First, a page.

By Jenn Watt
Published Oct 9 2018
After buying the old Victoria Street School in Haliburton in 2013 staff at Community Living Trent Highlands wanted to take the space already known and beloved by the local population and share it.
They began to think about how to use the large corner lot to bring community members in.
They started with a few garden plots. Community Living kept two for their clients and the rest were open to anyone who wanted a place to grow their own food.
“People can come here and spend time and have their garden” said Teresa Jordan CEO of Community Living Trent Highlands.
The program has been popular; all of the plots are used each year with a waiting list for new gardeners.
Last fall United Way for City of Kawartha Lakes and Community Living held an event called a Day of Caring. People pitched in to build several more garden plots some of them elevated off the ground to improve accessibility. They have also installed a walking path built a fence to prevent deer and other critters from getting in erected a small greenhouse and put up a gazebo.
On Friday Oct. 5 representatives of several United Way member agencies came to check out the results of all the hard work.
Jordan estimates about $5000 was spent on the expansion with plenty of in-kind donations and volunteer labour.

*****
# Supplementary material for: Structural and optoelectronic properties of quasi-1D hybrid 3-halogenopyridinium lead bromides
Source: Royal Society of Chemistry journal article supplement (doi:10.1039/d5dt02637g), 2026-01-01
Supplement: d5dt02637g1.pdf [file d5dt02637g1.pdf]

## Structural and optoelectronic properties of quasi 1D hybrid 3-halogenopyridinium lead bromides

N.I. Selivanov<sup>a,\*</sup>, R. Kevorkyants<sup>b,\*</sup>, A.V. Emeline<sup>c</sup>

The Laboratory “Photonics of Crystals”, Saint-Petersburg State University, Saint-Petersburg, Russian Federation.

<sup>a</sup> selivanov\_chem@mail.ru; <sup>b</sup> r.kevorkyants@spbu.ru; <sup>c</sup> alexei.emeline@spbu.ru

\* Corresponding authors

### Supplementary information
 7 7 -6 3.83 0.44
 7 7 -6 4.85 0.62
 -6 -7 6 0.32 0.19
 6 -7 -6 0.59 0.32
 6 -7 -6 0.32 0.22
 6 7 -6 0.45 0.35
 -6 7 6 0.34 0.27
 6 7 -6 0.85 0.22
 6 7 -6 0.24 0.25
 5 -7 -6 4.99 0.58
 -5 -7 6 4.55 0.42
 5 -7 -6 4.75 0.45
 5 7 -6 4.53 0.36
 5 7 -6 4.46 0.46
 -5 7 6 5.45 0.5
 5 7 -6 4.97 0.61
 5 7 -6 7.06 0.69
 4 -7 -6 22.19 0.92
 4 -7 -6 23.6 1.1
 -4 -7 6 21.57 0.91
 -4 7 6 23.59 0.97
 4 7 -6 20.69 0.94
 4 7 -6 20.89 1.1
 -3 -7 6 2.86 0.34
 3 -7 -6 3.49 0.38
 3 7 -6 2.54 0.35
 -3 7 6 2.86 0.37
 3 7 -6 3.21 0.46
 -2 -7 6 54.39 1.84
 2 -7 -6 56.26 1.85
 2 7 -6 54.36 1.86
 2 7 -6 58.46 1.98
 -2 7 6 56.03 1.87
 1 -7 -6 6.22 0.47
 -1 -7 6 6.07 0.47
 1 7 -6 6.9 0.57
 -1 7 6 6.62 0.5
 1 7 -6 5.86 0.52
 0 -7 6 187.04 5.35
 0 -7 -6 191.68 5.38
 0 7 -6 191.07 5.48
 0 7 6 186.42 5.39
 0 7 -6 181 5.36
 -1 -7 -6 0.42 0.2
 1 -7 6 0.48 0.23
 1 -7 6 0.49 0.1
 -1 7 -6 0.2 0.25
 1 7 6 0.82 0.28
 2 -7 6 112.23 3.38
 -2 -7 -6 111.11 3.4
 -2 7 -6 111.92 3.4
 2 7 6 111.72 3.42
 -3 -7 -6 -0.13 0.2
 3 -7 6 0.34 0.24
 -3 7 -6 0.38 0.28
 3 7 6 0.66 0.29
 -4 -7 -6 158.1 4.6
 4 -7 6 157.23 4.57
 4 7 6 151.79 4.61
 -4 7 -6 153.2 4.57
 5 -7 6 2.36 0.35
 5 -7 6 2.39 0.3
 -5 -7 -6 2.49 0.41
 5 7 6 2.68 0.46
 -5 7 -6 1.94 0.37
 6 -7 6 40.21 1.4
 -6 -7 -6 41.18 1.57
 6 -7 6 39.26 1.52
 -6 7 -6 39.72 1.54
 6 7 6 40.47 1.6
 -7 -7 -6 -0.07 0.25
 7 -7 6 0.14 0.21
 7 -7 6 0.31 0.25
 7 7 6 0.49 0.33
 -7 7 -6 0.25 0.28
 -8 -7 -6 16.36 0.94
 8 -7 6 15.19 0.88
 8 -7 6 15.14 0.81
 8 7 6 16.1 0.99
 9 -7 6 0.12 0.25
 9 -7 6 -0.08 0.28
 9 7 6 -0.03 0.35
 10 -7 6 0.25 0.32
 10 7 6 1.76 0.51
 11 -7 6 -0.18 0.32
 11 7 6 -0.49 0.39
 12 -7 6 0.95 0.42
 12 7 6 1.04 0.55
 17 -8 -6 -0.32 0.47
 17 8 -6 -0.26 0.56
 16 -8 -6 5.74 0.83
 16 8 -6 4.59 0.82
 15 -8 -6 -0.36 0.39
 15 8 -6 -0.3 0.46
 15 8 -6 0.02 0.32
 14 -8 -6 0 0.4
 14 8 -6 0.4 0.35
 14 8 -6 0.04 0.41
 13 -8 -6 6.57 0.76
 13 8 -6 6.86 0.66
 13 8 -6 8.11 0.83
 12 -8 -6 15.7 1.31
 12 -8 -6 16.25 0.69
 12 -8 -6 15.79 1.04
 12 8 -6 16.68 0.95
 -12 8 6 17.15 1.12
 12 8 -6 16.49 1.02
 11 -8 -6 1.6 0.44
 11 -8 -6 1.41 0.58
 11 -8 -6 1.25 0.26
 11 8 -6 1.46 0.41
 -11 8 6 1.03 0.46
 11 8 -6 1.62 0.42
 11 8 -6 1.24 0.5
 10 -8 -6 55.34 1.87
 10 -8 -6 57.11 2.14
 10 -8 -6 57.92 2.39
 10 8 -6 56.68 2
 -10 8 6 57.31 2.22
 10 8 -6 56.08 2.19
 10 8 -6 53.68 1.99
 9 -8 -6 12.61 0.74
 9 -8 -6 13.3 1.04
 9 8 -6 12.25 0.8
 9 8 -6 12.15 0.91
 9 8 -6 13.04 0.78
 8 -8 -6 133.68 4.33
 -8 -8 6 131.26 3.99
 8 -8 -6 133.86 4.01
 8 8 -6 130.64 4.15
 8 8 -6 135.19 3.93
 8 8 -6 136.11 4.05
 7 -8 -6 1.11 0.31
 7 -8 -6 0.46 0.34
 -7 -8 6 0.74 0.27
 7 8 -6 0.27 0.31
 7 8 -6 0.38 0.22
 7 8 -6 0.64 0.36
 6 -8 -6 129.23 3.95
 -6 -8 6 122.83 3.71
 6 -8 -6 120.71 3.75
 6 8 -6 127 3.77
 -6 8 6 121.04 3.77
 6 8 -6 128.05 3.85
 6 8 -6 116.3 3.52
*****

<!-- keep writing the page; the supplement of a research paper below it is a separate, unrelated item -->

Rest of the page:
Penny Barton Dyke executive director of United Way for CKL was at the event and pointed out that food security is one of the focuses of her organization.
More than 100 garden beds have been created in City of Kawartha Lakes through United Way she said including 18 at the United Way office. They’ve started a Veggies for Vets program and hope to approach the Legion branches in Haliburton County about putting in community gardens on-site.
Aside from their garden projects United Way also funds children’s programs through their LCBO “At the Till” campaign which have raised nearly $75000 in three years. The money has been distributed to Food for Kids Big Brothers Big Sisters and EarlyON.
Their most recent campaign wrapped up on Oct. 7.
Barton Dyke said gardens help improve neighbourhoods and that in places they’ve been built “often it’s really united people” who become watchful of the sites.
A subgroup of United Way called Women United paid for the greenhouse which will be made available to Community Living gardening groups.